From Abel Leonard, Lafia
There have been growing concerns and outcries over the activities of scavengers in most communities in Nigeria.
Scavenging in many areas is seen by many as a trade which people, especially youths, take up as a cover to perpetrate various crimes. But some others regard it as a business to earn a living.
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Scavenging is the act of searching for useful items among disposable materials.
In Nasarawa State, the practice of scavenging is fast becoming a trade among the unskilled young and old.
In virtually every major streets and communities across the state, it is common to see scavengers, popularly called Baban bola in Hausa (which literally means father of refuse dumps), searching through refuse dumps around residential homes and dump sites.
The question that has been on the lips of most residents of the state is, how lucrative is the business given the unrelenting spirit of these scavengers who toil day and night under the sun and in the rain searching for waste materials from places that are generally seen as unhygienic.
Saturday Sun visited the dump sites in Sabon Pegi Shabu, a suburb of Lafia, the Nasarawa State capital where waste items, especially plastic material, were procured and deposited in the area by the owners.
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It was observed that some of the scavengers were sorting out the plastic materials according to their colours, some were grinding the items with machine, even as others were seen packaging the powdered form in sacks to be transported to Kano State for processing to renewal products.
In an interview, one of the scavengers, Sani Nafarida, said he relocated from Katsina State as a commercial motorcyclist but shortly before the outbreak of the Corona virus pandemic, he joined the business of scavenging.
Nafarida said: “From this job, Baban bola, I have built a house in my village. I have procured another plot of land and I will soon start developing it. This telephone handset I am using, I bought it out of the business. I would not have been able to afford this phone if I was doing okada work.”
Another scavenger, Mr Aliyu Adam said contrary to public perception that the business is for people who indulge in criminal activities, he would choose to remain a Baban bola in his next life given the economic potential involved in the trade.
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“I am proud of my job as Baban bola. I sell a ground bag of plastic materials for between N20, 000 and N22,000, and I produce 14 bags every month. I thank God the business is going on well. As you can see us here, we scavengers here are good people,” Mr. Adam boasted.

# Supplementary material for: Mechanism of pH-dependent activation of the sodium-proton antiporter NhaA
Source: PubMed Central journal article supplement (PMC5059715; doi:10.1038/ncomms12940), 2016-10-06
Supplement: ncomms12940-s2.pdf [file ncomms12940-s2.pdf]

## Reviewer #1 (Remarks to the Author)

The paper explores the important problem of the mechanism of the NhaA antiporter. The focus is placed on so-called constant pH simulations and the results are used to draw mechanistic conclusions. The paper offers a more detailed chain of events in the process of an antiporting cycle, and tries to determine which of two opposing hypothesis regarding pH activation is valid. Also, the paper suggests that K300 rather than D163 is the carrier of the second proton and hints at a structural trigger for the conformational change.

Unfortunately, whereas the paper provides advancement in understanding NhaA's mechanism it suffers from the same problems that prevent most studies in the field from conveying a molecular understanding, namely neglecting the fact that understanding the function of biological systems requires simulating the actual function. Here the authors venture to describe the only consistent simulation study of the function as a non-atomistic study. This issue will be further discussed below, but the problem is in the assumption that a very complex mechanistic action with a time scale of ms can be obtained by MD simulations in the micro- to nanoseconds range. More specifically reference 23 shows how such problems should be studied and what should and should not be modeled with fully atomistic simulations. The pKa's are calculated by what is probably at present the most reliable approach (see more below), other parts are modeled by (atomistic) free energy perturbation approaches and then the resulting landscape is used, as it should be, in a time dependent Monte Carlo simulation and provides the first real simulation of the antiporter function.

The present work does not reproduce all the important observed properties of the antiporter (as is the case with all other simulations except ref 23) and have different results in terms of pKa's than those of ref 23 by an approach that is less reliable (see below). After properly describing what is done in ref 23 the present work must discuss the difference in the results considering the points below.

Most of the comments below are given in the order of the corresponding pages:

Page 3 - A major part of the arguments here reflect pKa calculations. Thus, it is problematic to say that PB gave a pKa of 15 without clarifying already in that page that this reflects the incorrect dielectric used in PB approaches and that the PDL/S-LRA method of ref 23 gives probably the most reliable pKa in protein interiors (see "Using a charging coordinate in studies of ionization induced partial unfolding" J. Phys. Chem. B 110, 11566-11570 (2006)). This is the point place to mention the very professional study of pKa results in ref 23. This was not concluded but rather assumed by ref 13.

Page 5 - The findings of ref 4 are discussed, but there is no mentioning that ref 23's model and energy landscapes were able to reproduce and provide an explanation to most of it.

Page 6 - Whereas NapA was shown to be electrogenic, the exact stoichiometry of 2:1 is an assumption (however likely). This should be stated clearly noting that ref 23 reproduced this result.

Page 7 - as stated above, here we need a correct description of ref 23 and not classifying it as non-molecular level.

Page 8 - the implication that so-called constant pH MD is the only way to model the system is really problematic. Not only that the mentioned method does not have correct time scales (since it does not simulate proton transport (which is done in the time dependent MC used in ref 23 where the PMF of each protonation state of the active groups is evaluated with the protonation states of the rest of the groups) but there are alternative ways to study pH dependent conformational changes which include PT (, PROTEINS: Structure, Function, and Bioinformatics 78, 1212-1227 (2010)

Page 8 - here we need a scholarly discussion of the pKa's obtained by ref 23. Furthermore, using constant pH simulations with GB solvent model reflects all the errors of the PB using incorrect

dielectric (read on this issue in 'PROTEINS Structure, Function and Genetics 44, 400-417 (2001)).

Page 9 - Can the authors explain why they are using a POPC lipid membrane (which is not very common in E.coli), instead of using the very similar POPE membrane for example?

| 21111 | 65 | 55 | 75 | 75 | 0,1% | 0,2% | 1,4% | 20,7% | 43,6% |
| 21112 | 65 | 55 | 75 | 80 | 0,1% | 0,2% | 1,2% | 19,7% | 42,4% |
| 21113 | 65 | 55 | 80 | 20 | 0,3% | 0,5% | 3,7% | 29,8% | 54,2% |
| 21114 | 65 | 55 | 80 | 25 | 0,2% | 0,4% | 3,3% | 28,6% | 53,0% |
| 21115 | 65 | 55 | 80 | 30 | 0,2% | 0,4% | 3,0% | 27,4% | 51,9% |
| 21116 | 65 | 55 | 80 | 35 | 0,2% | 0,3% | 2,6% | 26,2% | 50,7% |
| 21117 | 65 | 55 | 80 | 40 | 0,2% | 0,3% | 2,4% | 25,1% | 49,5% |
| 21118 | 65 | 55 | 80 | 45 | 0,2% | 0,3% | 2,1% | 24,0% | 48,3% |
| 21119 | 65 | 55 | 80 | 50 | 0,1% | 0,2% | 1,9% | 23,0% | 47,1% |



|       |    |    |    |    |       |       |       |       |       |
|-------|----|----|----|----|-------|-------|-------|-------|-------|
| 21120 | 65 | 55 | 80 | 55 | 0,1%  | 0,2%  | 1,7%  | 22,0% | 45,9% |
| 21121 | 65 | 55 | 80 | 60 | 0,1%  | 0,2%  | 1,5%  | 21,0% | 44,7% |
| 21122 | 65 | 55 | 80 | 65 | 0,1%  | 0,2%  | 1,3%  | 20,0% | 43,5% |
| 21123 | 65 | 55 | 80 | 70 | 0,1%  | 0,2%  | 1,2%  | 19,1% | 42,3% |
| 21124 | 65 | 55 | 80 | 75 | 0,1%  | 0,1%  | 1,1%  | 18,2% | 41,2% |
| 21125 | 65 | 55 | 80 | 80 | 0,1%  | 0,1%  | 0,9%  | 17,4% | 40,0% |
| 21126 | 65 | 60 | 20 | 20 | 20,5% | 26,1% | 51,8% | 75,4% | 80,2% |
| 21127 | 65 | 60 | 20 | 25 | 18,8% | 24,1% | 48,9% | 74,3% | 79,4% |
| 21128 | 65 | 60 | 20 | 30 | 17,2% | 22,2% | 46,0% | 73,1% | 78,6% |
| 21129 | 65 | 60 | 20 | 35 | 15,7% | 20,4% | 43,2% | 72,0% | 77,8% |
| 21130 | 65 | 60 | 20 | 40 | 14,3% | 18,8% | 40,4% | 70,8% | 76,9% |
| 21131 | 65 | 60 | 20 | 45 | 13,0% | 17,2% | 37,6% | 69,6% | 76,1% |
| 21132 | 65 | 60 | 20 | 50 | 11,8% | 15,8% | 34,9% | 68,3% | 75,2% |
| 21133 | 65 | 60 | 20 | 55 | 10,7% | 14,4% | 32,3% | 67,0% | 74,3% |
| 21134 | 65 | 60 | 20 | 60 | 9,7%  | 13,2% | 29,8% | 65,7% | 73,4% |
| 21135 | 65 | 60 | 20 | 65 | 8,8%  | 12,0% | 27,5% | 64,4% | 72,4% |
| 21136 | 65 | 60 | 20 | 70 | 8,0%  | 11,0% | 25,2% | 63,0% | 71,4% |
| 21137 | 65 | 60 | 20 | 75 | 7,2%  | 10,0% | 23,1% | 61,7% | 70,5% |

However, a resident of Ombi 1 in Lafia Local Government Area of the state, Mr Raphael Anze explained that the activities of scavengers are beyond mere picking of waste materials from refuse dumps.
He alleged that the scavengers break into people’s houses and cart away their belongings. “Recently, one Baban bola came to my house and removed all my security light. He was arrested and handed over to the police. Government should ban activities of scavengers.”
Confirming Mr. Anze’s claim, a community leader in the area, Mallam Danladi Babangida stated that there are good scavengers and there bad ones. He called on government to set up a regulatory agency to regulate their operations. He added: “Recently, we arrested two Baban bola who broke into Nasarawa State Polytechnic and destroyed some furniture and carted them away.”
Nasarawa State Commissioner of Police, Mr Soyemi Adesina, pointed out that in the last three months, over 30 scavengers were arrested in different locations across the state for alleged involvement in various crimes.
On his part, the state Commandant of the Nigeria Security and Civil Defence Corps, Mr. Bappa Abbas expressed concern that some of the scavengers had graduated from robbery to vandalism and destruction of critical public infrastructure, especially the rail lines.
Mr Abbas stated that the command would continue to adopt new strategies to tackle head-on criminal elements among the scavengers.
Speaking on the impacts of the activities of scavengers on the environment, General Manager, Nasarawa State Environmental Protection Agency, Mr Iliya Yusuf Adeka said the state government had commenced close monitoring of the various dump sites owned by the scavengers.
“These heaps of waste materials gathered by the scavengers are losing environmental hazards because they emit chemicals and other toxic substances. They also harbour dangerous reptiles such as snakes,” Adeka said.
Also speaking, Director, Public Health, Nasarawa State Ministry of Health, Dr Ibrahim Adamu Alhassan noted that due to their constant contacts with discarded hospital equipment, it had been recorded that the scavengers were prone to contracting and spreading diseases such as tuberculosis, hepatitis, coronavirus and HIV.